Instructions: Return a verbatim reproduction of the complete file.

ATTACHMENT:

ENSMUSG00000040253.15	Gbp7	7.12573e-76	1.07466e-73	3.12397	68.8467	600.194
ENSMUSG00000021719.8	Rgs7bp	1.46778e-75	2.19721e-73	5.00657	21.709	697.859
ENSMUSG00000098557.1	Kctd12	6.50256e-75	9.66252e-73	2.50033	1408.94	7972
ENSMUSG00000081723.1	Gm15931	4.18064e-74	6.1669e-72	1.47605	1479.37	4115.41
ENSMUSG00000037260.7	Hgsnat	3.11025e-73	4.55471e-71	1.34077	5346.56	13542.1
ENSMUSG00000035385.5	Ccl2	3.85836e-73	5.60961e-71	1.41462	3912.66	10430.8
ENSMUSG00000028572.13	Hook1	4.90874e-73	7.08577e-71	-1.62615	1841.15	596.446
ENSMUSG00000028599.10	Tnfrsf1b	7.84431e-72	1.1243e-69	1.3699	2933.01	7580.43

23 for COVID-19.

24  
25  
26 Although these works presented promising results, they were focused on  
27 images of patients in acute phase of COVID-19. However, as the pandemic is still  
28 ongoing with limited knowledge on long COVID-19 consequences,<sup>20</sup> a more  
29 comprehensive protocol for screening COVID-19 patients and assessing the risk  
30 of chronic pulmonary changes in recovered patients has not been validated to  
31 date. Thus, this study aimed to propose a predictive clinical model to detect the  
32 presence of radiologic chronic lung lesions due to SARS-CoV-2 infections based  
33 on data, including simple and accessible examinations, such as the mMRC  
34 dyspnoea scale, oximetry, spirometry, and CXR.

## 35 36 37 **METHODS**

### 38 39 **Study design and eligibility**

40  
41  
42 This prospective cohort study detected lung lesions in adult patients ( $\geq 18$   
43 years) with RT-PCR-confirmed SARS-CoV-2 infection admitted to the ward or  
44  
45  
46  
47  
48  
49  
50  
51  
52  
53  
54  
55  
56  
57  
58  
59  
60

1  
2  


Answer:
ENSMUSG00000040253.15	Gbp7	7.12573e-76	1.07466e-73	3.12397	68.8467	600.194
ENSMUSG00000021719.8	Rgs7bp	1.46778e-75	2.19721e-73	5.00657	21.709	697.859
ENSMUSG00000098557.1	Kctd12	6.50256e-75	9.66252e-73	2.50033	1408.94	7972
ENSMUSG00000081723.1	Gm15931	4.18064e-74	6.1669e-72	1.47605	1479.37	4115.41
ENSMUSG00000037260.7	Hgsnat	3.11025e-73	4.55471e-71	1.34077	5346.56	13542.1
ENSMUSG00000035385.5	Ccl2	3.85836e-73	5.60961e-71	1.41462	3912.66	10430.8
ENSMUSG00000028572.13	Hook1	4.90874e-73	7.08577e-71	-1.62615	1841.15	596.446
ENSMUSG00000028599.10	Tnfrsf1b	7.84431e-72	1.1243e-69	1.3699	2933.01	7580.43

23 for COVID-19.

24  
25  
26 Although these works presented promising results, they were focused on  
27 images of patients in acute phase of COVID-19. However, as the pandemic is still  
28 ongoing with limited knowledge on long COVID-19 consequences,<sup>20</sup> a more  
29 comprehensive protocol for screening COVID-19 patients and assessing the risk  
30 of chronic pulmonary changes in recovered patients has not been validated to  
31 date. Thus, this study aimed to propose a predictive clinical model to detect the  
32 presence of radiologic chronic lung lesions due to SARS-CoV-2 infections based  
33 on data, including simple and accessible examinations, such as the mMRC  
34 dyspnoea scale, oximetry, spirometry, and CXR.

## 35 36 37 **METHODS**

### 38 39 **Study design and eligibility**

40  
41  
42 This prospective cohort study detected lung lesions in adult patients ( $\geq 18$   
43 years) with RT-PCR-confirmed SARS-CoV-2 infection admitted to the ward or  
44  
45  
46  
47  
48  
49  
50  
51  
52  
53  
54  
55  
56  
57  
58  
59  
60

1  
2  